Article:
When Dr. Mann first came to the Clinic he was interested, among many other things, in the glands of internal secretion.  Dr. Robert R. Bensley, of the University of Chicago, had reported evidence of secretion granules in the acinar cells of the pancreas and in the A cells of the islets.  He had developed certain fixing and staining methods which showed these.  I was sent down to work with him to learn his technic.

We tried his methods on sections through the adrenal cortex as well as on the pancreas and demonstrated secretion granules there.  Then I tried them on sections through the ovaries of the gopher.  Our findings led Dr. Mann to encourage me to work out the life cycle of the ovary of the gopher.  As a result of this work it seemed certain that the ovaries were glands of internal secretion and that their secretions were carried by way of the blood stream to produce the cyclic changes occurring in the uterus and those incident to pregnancy.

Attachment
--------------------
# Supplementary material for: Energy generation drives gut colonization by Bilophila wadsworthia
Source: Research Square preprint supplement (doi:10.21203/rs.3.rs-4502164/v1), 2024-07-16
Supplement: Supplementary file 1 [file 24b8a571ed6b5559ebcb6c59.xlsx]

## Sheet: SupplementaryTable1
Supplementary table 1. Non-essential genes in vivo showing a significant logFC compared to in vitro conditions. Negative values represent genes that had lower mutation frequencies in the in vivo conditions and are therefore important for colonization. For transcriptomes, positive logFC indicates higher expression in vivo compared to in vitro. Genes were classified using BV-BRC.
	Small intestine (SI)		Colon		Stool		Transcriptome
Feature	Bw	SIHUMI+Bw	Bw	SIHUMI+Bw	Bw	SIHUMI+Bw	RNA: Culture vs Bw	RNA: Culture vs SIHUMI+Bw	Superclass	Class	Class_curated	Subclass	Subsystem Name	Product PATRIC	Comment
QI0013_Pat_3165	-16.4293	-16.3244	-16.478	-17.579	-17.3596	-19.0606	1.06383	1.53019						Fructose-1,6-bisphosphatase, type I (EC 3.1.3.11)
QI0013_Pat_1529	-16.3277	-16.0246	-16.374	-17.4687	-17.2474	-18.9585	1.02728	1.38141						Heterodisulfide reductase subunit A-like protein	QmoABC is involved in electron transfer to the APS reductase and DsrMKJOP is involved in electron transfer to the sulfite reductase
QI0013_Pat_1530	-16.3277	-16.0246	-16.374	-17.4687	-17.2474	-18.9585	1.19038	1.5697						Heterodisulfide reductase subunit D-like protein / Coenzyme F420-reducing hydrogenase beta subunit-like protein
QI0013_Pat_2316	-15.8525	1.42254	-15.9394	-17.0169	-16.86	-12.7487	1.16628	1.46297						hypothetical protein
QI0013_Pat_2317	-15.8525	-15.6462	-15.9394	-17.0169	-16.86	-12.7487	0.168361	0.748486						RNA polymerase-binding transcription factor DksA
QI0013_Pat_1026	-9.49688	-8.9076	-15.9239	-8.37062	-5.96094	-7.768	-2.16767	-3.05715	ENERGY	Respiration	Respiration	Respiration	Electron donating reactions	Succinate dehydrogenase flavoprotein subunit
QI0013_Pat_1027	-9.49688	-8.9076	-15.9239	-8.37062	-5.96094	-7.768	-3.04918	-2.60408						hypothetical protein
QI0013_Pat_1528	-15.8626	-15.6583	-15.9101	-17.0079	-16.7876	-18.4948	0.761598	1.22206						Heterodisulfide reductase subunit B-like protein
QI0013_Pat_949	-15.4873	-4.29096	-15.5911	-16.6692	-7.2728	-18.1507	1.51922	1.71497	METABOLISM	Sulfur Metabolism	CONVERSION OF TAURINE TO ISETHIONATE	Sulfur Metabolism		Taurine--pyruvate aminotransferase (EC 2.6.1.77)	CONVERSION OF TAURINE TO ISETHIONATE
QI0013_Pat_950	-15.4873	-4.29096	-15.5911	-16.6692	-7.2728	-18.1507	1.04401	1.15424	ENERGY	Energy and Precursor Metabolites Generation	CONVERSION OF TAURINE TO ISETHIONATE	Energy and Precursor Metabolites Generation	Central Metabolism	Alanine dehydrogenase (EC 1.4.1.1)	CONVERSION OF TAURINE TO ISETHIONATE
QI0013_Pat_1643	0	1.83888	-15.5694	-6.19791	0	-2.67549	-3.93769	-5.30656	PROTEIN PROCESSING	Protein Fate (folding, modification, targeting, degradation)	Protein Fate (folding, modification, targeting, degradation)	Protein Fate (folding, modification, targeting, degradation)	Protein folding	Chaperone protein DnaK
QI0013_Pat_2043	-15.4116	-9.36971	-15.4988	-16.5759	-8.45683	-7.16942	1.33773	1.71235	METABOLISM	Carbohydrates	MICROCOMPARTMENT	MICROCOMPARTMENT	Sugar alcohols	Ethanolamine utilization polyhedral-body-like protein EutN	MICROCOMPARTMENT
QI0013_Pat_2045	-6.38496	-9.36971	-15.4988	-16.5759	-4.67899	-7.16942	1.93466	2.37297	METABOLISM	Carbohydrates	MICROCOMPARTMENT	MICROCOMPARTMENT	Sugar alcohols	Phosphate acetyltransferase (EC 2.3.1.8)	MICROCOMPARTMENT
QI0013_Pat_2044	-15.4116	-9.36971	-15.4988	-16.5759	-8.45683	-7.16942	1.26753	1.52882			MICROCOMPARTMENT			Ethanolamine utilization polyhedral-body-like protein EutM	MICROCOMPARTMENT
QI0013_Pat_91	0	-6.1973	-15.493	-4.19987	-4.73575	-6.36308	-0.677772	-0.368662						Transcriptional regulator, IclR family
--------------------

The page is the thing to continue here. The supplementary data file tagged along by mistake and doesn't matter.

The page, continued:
M.S. Thesis

This work on the gopher was submitted as my thesis for an M.S. degree in 1917.  Fortunately for me the Mayo Foundation was established in 1915, and I was able to go up to the University of Minnesota with the first group of fellows who were candidates for advanced degrees from the Mayo Foundation.  In the fall I began the second year of medicine at the University of Minnesota.